May 6 – May 20
Best known as the director of a string of lavish Hollywood melodramas made for Universal Pictures in the 1950s, Douglas Sirk (1897–1987) had a feature-film career that spanned almost 40 films between 1935 and 1959.
He was a successful theatre director in Weimar Germany before transferring his passion and critical eye to the silver screen, moving from Nazi Germany to the United States in the late 1930s before working across a range of studios and independent production companies before finding a home at Universal under the supervision of producer Ross Hunter. Sirk brought to his work a strong sense of drama, form and mise en scène, creating films famous for their stylistic excesses, precisely detailed décor and loaded texts and subtexts. Celebrated by the feminist and Marxist critics of the 1970s such as Laura Mulvey and the late, great Thomas Elsaesser, and championed by queer directors such as Rainer Werner Fassbinder, Pedro Almodóvar and Todd Haynes, his subversive command of the various forms of melodrama and other genres remains celebrated today. The seething worlds of Sirk’s creations are strangely fascinating, endlessly entertaining and provide extraordinary portraits of particular societies, character types and moments in time.
This season explores the various facets and stages in Sirk’s screen career, from his early, compromised works in the Nazi-controlled German cinema of the mid-1930s to his occupation as sojourner filmmaker elsewhere in Europe, and from his exploration of a wide variety of genres and modes of production to the extraordinary group of films upon which his contemporary reputation rests (All That Heaven Allows, A Time to Love and a Time to Die and Imitation of Life).
7:00pm IMITATION OF LIFE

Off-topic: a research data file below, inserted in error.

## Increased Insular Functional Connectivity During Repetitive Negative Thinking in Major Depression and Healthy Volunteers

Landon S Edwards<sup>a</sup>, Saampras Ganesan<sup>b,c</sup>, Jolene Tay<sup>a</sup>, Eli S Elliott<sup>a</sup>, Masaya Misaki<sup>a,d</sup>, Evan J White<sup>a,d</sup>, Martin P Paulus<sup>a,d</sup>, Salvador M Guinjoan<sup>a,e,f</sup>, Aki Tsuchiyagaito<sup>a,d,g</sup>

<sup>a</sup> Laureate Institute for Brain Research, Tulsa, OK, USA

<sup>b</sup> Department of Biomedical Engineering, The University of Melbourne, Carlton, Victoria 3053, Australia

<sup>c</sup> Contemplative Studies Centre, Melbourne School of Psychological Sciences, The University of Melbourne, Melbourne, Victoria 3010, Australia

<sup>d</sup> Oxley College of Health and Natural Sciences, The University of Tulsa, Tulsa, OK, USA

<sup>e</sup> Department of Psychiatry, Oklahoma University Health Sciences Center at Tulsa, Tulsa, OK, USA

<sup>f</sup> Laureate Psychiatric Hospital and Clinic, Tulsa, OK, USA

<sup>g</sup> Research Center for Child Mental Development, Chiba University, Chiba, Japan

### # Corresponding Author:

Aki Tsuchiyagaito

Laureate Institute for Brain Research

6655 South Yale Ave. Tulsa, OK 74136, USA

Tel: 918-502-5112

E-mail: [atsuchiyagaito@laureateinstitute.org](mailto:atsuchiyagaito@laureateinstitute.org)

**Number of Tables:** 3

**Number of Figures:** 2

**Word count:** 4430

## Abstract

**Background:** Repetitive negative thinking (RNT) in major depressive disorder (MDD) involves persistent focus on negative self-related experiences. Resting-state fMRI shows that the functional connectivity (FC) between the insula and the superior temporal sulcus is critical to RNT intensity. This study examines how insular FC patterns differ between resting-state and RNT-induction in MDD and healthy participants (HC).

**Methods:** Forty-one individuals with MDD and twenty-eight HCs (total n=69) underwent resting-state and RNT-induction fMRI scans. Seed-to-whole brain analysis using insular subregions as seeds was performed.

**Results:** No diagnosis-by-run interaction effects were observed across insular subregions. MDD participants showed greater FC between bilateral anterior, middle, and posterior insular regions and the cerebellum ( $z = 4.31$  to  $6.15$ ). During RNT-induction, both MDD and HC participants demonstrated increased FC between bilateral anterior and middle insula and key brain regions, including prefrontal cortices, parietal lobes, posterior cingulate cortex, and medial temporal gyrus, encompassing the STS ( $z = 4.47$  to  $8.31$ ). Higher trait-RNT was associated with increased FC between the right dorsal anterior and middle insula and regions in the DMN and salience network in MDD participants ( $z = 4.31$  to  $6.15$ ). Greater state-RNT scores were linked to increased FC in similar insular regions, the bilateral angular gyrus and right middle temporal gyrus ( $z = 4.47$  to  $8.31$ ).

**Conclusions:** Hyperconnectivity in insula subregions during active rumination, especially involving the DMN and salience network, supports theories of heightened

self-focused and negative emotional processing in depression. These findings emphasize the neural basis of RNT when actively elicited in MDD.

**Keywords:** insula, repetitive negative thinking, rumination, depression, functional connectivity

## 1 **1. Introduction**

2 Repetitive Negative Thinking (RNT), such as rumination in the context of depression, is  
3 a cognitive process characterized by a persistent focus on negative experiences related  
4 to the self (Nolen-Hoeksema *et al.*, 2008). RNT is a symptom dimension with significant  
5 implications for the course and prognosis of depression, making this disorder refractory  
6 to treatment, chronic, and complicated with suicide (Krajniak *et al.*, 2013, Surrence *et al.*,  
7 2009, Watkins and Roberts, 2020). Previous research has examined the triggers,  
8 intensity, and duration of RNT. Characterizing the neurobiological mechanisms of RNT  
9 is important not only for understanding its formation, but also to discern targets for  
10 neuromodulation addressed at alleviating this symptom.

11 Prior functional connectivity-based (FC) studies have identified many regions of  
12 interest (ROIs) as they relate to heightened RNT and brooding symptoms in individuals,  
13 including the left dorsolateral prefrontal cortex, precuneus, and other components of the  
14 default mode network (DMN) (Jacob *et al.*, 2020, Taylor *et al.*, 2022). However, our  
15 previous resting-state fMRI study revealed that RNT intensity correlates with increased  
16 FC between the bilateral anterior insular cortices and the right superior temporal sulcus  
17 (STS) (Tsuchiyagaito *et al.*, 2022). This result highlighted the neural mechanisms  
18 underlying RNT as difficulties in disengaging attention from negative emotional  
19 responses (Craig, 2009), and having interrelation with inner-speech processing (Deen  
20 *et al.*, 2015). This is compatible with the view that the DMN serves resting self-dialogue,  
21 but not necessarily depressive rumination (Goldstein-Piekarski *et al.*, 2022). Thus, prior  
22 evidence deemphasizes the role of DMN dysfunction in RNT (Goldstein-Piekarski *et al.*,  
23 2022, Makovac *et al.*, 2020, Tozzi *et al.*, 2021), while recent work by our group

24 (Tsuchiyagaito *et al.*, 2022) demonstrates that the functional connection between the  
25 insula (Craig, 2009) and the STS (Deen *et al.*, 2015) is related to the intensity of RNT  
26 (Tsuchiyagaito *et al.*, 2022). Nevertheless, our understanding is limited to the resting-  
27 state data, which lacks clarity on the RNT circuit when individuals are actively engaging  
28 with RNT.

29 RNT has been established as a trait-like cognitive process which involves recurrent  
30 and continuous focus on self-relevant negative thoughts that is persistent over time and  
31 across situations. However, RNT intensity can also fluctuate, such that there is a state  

Douglas Sirk (1959) 125 mins – PG
One of the great films about maternal sacrifice and race, Sirk’s swansong is celebrated as a sumptuous Hollywood melodrama nonpareil, as well as a characteristically searing critique of US materialism. This second adaptation of Fannie Hurst’s 1933 novel was made under the charge of producer Ross Hunter and is feted for its lush aesthetic palette, magnificent costume design and powerhouse onscreen performance by gospel legend Mahalia Jackson. A career high for Lana Turner and Juanita Moore, it also features Sandra Dee, Susan Kohner and John Gavin.
9:15pm ALL I DESIRE
Douglas Sirk (1953) 80 mins – PG
At the behest of her daughter – who has taken a lead role in the final-year high-school play – a fading vaudeville artist returns to visit the family she abandoned before pursuing her ultimately lacklustre stage career. Sirk brilliantly deploys stark black-and-white compositions and sweeping camera movements to precisely register a vivid small-town American milieu, compelling this simple family melodrama toward its heavy and moving climax. Featuring a characteristically sharp and bold lead performance by Barbara Stanwyck.
7:00pm ALL THAT HEAVEN ALLOWS
Douglas Sirk (1955) 89 mins – G